Warwick Thornton's The Darkside was developed from a national callout for Indigenous ghost stories. Submitted by black and white Australians, Thornton narrowed down more than 150 stories ... See full summary »
Australian western set on the Northern Territory frontier in the 1920s, where justice itself is put on trial when an aged Aboriginal farmhand shoots a white man in self-defense and goes on the run as a posse gathers to hunt him down.
Luka Magdeline Cole,
The first of four installments in the groundbreaking Heartbeat of the World anthology film series. Comprised of several short films by some of the world's most exciting directors, Words ... See full summary »
A story within a story. In Australia's Northern Territory, a man tells us one of the stories of his people and his land. It's a story of an older man, Minygululu, who has three wives and ... See full summary »
Rolf de Heer,
I was blessed to see a preview of this wonderful film focussing on the long history in Australia of the stars known as the Southern Cross. Of course Captain Cook and company navigated here by the stars a couple of hundred years ago, but long before that there was a close connection to the star formation for thousands of years. Different language groups had hundreds of different names and stories for the stars including of dreamtime emus.
More recently the Cross has been co-opted by the workers on the Eureka stockade, for the national flag, by the Socialist movement and most recently by white supremacists. The film questions the place of the Southern Cross constellation in the Australian psyche, as film maker Warwick Thornton did recently when he questioned whether it was becoming like the Nazi swastika.
From deep time to the current huge business in tattoo removal, master cinematographer, film director and all round good bloke Warwick Thornton wanders the continent uncovering our connection to the 5 stars that never dip below the horizon.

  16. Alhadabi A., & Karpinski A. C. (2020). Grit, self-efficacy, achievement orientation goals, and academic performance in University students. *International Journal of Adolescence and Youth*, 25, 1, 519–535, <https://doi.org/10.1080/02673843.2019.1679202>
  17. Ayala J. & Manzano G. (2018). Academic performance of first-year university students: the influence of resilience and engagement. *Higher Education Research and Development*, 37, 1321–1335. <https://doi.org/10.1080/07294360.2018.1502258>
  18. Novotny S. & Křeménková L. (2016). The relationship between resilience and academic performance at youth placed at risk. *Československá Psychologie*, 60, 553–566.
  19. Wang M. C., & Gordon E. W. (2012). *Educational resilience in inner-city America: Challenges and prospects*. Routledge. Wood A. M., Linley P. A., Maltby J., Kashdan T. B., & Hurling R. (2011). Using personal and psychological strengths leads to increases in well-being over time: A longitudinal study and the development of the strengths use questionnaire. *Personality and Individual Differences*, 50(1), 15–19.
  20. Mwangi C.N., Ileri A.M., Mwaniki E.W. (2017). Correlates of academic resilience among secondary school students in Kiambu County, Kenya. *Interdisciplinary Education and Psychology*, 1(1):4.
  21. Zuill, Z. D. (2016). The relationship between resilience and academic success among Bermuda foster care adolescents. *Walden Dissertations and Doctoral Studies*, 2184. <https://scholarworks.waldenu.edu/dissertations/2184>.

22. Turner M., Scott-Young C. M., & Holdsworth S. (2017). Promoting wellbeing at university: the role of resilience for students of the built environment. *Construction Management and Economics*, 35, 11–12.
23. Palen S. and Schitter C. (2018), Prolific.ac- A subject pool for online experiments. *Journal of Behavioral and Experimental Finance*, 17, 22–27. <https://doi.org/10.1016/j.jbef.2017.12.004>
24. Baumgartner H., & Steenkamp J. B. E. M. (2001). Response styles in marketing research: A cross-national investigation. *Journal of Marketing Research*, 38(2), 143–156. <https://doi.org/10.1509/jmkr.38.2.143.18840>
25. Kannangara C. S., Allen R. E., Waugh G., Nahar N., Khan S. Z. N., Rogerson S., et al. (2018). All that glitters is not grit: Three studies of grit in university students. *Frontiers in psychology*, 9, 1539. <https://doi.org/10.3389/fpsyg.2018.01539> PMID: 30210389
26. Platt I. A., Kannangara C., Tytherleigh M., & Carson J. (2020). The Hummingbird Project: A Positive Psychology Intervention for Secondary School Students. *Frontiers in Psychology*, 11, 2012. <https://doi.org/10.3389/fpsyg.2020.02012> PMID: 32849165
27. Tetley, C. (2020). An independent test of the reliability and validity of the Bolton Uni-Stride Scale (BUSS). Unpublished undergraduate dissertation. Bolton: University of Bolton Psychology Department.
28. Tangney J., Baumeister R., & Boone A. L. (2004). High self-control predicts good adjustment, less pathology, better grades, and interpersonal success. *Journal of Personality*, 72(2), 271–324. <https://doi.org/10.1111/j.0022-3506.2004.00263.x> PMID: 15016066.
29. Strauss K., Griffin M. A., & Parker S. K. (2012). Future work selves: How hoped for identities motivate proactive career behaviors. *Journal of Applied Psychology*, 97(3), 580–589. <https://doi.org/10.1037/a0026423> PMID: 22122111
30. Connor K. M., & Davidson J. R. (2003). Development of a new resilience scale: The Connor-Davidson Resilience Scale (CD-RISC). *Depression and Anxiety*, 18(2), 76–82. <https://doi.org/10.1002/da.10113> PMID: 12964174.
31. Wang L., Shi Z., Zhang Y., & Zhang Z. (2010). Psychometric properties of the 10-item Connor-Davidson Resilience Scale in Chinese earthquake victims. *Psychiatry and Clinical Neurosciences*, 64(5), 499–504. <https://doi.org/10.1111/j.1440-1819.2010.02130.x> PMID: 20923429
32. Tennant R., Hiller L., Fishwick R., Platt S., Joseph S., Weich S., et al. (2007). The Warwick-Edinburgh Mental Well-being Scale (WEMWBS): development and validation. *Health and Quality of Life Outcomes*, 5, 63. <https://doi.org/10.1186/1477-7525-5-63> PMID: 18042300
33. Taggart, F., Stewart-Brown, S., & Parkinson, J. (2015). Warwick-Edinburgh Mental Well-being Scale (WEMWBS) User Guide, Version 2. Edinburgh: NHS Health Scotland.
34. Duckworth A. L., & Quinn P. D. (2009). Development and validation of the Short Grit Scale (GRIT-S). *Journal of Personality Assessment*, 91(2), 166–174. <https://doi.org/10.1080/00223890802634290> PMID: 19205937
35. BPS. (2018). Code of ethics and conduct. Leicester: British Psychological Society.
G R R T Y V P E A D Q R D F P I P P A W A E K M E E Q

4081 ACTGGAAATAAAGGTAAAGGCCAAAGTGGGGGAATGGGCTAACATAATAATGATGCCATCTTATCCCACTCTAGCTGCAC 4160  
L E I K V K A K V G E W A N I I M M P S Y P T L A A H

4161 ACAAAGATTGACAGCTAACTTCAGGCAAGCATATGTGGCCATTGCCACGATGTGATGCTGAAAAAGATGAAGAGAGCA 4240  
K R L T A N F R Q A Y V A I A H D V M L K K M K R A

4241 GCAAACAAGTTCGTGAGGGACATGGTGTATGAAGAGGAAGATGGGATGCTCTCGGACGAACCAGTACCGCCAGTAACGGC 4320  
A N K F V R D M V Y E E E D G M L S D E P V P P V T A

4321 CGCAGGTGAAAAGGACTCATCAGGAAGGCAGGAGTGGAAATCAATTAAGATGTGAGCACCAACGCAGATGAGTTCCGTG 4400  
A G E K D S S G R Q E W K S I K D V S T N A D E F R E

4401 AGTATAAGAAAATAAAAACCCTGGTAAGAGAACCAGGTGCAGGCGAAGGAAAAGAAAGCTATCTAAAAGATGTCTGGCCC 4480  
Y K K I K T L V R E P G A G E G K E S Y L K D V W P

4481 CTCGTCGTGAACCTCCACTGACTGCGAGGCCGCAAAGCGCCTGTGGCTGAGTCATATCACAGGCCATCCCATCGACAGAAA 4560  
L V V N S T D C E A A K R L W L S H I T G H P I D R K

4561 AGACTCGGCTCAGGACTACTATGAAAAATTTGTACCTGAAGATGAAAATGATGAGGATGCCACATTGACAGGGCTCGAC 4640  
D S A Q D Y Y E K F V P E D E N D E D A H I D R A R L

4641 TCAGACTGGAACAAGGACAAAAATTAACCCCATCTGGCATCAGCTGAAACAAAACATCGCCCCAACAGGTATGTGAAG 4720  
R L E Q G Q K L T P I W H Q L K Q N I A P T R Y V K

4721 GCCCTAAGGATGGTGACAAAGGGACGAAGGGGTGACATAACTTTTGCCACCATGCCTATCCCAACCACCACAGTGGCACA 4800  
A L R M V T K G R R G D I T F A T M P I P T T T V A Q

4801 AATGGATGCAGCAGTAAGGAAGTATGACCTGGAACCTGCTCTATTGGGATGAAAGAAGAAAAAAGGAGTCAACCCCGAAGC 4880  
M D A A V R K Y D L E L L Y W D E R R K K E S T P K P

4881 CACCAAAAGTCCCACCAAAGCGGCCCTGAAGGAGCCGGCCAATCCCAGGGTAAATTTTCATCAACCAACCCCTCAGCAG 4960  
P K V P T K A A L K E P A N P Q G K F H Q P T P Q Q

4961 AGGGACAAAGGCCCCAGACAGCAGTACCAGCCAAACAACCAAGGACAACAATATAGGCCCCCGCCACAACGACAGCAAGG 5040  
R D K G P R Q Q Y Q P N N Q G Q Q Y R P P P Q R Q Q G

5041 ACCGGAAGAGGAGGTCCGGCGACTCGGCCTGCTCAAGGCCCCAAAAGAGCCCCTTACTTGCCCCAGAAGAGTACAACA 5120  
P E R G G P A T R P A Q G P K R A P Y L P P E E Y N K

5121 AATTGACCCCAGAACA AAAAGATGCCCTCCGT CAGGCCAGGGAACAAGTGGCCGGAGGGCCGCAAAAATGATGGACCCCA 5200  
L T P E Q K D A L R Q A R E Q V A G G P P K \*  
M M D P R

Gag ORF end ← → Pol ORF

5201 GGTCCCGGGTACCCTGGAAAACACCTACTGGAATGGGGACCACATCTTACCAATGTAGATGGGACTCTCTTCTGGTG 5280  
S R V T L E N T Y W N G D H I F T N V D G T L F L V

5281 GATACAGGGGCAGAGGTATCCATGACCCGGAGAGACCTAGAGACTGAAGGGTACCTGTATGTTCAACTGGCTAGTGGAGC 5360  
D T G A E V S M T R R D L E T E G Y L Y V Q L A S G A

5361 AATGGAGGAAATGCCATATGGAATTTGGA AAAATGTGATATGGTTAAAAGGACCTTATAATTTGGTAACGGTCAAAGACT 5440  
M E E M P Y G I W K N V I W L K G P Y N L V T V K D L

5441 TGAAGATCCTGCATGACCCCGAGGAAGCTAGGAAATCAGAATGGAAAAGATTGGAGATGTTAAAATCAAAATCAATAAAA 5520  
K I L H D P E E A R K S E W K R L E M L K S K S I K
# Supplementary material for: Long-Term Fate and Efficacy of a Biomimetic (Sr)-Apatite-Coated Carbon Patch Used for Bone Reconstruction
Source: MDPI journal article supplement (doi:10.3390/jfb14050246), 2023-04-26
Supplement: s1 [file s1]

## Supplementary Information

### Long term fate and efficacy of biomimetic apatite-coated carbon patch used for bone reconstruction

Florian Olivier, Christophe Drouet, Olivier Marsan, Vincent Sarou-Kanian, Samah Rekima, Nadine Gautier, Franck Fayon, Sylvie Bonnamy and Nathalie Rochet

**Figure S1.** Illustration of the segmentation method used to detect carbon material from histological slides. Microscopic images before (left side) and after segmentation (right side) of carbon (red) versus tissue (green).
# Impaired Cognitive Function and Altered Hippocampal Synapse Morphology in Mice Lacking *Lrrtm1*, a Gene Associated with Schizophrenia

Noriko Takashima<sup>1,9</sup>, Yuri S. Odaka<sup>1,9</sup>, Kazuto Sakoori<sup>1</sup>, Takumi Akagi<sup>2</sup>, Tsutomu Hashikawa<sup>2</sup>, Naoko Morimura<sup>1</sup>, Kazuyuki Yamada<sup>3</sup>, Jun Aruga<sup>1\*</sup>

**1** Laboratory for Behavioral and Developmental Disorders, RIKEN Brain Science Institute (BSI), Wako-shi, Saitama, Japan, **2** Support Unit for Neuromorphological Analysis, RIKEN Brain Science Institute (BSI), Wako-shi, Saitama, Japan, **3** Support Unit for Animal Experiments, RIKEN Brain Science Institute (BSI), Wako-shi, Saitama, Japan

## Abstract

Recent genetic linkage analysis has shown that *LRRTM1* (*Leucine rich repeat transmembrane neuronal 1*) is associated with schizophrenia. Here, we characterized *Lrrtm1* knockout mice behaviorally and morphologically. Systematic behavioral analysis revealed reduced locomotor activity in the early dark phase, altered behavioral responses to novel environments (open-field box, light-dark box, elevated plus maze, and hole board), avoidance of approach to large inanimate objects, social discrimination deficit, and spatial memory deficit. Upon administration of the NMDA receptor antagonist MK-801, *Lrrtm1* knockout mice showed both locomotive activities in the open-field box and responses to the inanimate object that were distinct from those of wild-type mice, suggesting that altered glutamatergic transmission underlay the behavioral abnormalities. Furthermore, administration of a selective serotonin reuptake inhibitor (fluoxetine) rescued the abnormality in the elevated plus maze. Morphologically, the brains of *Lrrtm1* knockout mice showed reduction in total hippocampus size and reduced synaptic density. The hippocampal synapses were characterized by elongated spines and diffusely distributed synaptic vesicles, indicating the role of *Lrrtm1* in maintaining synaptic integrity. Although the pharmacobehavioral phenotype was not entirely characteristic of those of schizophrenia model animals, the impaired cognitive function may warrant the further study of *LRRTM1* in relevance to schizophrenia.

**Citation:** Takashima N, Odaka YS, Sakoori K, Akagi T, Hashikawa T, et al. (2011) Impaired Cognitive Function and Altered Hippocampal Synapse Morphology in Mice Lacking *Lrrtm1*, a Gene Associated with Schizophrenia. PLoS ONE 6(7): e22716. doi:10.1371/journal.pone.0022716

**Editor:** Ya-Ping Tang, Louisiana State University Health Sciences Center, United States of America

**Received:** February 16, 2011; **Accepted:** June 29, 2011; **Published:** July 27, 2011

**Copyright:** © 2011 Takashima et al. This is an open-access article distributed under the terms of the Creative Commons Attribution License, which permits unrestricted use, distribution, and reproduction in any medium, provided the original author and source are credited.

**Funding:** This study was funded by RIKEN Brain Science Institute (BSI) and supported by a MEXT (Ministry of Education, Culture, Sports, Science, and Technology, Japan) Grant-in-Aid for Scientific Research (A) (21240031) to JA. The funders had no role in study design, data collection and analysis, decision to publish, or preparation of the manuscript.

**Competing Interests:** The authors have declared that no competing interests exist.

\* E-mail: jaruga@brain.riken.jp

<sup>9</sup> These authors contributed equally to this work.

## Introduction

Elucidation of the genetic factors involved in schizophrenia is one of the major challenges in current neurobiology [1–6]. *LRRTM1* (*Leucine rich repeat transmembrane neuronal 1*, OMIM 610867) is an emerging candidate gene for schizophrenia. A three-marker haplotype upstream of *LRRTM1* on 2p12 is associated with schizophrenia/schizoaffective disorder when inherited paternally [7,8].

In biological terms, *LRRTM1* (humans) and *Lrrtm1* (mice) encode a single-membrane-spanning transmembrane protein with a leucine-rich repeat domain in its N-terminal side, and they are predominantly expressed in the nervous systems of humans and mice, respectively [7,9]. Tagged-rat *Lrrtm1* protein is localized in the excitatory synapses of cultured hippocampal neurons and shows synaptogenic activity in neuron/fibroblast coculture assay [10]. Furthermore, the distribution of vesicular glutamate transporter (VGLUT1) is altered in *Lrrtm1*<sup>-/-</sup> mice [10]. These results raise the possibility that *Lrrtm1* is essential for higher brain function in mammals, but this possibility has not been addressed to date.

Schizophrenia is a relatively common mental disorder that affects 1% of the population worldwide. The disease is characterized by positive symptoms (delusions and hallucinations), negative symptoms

Thornton playfully and casually teases out the threads through exquisitely beautiful time-lapse sequences of the night sky with stars spinning & clouds on the move, to puppet animations, interviews and wry musings. It is a brilliantly made 'gonzo' doco with Thornton talking to elders, tattooists, musicians, intellectuals, historians and others about deep history, Cronulla, white supremacists, windmills and more. The parade of great characters include the rapper Briggs, Romaine Morton, Bruce Pascoe and Ken West of the BDO, recollecting his pillorying for banning Aussie flags at the event when it came to be used as a divisive weapon.
Warwick Thornton is a strong (and delightful) presence in the film himself, talking from behind the camera and often coming out, too. You can really see him making the film in a charming way. The result is novel and original in style, only comparable to Michael Moore at his best, cleverly juxtaposing ideas and images. One irony is that the defining cross is not even visible to most of the settler inhabitants because of light and other pollution in the most populous areas.
The film is full of great stories and it's all set to a rollicking soundtrack of Aussie pop, punk and hip-hop including The Saints, The Drones, Frenzal Rhomb, The Peep Temple and Briggs.
Thornton won best DOP for 'The Sapphires' and plenty of accolades for his feature dramas Samson & Delilah & Sweet Country. We Don't Need A Map is a diamond from a cinematic genius; a challenging and thrilling documentary, rich and rewarding. It is by turns, fun, informative, hilarious and sobering. I found it a mood-lifting experience and a foundation for true pride in and an appreciation of this country. It's an exhilarating, modern view of Australia.
I'm giving it 5 stars (out of 5) which is fair and fitting!
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